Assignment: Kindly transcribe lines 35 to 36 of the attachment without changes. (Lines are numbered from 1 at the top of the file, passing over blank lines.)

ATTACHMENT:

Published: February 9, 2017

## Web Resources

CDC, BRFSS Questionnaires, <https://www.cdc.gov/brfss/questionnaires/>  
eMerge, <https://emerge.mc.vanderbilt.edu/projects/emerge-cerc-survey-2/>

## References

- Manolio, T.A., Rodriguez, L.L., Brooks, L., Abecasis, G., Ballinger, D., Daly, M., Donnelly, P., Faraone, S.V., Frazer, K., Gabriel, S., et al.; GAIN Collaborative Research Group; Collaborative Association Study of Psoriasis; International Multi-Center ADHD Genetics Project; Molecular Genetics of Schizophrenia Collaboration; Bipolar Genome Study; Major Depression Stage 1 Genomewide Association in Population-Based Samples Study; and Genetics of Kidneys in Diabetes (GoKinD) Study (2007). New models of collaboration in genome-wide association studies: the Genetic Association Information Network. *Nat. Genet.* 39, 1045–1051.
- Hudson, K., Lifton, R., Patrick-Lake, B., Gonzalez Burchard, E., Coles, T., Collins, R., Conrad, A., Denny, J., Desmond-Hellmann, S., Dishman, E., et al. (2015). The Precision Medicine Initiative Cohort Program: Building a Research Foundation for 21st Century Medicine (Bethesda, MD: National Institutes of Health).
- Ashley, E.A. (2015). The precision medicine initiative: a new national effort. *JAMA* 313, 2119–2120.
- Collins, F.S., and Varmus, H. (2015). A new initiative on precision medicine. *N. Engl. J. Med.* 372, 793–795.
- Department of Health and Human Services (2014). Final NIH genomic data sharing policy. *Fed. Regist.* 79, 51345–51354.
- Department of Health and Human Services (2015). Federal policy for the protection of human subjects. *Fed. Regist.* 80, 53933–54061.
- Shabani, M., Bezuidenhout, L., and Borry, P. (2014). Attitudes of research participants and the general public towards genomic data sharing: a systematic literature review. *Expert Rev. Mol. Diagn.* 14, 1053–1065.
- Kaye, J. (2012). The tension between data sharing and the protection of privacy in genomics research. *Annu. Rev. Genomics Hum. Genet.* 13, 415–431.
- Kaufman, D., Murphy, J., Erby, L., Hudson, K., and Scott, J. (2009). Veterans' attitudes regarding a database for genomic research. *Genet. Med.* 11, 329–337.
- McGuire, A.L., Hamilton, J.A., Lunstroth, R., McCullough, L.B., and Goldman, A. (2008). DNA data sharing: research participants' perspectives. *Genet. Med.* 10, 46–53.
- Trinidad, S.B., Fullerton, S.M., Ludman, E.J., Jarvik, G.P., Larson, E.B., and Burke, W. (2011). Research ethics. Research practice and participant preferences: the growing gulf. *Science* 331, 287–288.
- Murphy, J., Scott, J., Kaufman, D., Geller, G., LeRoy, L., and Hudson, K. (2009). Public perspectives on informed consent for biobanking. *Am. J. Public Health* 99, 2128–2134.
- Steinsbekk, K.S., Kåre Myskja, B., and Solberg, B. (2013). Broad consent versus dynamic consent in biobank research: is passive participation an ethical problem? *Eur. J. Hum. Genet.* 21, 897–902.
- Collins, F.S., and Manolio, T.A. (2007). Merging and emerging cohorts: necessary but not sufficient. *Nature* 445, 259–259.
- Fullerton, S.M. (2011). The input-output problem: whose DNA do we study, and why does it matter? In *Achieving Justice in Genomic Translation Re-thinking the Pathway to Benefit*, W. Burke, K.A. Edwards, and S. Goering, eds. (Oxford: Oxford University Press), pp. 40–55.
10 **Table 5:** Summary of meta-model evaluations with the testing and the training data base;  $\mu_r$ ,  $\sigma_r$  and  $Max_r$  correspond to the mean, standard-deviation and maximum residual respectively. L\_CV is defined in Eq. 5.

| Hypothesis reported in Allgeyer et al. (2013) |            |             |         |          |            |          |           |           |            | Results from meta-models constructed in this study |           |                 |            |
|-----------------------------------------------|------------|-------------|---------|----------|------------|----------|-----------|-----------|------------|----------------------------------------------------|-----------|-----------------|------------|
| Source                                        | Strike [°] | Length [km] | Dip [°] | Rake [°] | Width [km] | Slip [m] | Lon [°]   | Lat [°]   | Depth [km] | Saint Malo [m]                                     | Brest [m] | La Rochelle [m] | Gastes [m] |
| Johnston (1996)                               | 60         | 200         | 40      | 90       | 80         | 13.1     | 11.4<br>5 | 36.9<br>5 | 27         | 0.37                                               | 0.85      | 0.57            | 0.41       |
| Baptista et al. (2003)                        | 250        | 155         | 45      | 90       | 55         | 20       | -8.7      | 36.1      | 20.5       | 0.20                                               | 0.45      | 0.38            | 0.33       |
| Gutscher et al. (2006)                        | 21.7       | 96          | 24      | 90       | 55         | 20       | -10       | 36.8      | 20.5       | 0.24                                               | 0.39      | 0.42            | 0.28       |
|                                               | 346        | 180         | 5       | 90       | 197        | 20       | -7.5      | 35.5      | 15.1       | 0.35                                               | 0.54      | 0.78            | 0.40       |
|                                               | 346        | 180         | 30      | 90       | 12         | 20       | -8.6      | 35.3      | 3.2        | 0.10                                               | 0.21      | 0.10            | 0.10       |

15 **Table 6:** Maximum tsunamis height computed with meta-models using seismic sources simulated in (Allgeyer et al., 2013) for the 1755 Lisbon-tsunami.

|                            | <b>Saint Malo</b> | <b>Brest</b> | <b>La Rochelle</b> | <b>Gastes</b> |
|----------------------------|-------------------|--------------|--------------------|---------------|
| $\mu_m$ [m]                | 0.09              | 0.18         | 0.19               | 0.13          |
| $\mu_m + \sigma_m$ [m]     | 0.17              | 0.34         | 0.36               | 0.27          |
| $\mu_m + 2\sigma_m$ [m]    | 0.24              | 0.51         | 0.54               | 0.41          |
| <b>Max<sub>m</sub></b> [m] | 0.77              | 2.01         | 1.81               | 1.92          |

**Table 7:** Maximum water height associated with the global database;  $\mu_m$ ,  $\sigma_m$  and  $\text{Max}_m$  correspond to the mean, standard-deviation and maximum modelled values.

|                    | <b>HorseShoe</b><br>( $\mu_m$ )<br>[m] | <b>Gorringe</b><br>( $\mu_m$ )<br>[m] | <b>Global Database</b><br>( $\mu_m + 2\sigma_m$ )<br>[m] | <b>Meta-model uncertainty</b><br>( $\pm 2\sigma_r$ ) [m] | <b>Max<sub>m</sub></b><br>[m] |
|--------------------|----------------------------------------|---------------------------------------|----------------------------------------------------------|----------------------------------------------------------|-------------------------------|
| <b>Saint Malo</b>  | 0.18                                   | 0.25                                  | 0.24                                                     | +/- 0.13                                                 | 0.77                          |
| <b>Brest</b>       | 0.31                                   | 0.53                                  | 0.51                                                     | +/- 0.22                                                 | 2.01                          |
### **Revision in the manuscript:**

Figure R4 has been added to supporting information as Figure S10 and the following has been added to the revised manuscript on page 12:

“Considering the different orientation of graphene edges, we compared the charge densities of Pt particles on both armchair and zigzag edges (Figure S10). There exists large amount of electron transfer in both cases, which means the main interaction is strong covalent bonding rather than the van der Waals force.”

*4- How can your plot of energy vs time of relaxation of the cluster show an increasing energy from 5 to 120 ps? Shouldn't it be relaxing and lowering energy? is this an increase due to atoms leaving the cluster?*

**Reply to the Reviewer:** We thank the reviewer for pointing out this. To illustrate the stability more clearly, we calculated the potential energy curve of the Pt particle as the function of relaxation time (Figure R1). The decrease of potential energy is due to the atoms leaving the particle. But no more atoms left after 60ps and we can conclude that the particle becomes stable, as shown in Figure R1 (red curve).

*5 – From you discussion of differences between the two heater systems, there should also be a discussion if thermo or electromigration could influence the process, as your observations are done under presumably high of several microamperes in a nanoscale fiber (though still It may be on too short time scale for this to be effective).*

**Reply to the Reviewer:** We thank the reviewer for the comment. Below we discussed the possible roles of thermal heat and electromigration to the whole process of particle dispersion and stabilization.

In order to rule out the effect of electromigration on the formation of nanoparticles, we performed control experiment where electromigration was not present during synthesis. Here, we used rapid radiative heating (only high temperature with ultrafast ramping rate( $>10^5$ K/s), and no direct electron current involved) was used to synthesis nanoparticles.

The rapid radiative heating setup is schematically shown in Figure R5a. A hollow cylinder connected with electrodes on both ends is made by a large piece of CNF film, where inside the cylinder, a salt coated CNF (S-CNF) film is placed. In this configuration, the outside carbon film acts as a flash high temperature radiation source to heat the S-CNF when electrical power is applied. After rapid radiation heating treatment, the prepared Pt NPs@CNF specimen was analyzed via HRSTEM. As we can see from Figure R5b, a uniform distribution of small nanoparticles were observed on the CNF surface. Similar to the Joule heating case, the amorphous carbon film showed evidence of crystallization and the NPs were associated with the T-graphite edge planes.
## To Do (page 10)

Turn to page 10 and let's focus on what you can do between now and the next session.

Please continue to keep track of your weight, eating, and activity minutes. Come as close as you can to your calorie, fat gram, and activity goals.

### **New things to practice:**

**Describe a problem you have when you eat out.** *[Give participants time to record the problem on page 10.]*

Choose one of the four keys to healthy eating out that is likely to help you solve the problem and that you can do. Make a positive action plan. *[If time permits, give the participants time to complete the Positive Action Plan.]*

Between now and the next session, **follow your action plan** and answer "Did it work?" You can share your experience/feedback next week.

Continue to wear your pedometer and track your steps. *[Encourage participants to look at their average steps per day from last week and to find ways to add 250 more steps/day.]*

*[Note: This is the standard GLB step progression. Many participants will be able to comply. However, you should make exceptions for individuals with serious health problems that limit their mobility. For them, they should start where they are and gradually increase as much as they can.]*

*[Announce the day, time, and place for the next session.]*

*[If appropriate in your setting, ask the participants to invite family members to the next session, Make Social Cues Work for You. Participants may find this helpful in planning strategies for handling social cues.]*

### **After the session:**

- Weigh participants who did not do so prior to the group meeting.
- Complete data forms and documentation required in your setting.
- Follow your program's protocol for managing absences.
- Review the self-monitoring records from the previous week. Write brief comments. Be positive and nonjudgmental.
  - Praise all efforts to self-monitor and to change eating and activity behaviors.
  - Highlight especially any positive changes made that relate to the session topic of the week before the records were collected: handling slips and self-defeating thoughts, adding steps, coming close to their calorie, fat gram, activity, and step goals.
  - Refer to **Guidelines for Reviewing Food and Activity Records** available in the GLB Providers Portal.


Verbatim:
| $\mu_m + 2\sigma_m$ [m]    | 0.24              | 0.51         | 0.54               | 0.41          |
| <b>Max<sub>m</sub></b> [m] | 0.77              | 2.01         | 1.81               | 1.92          |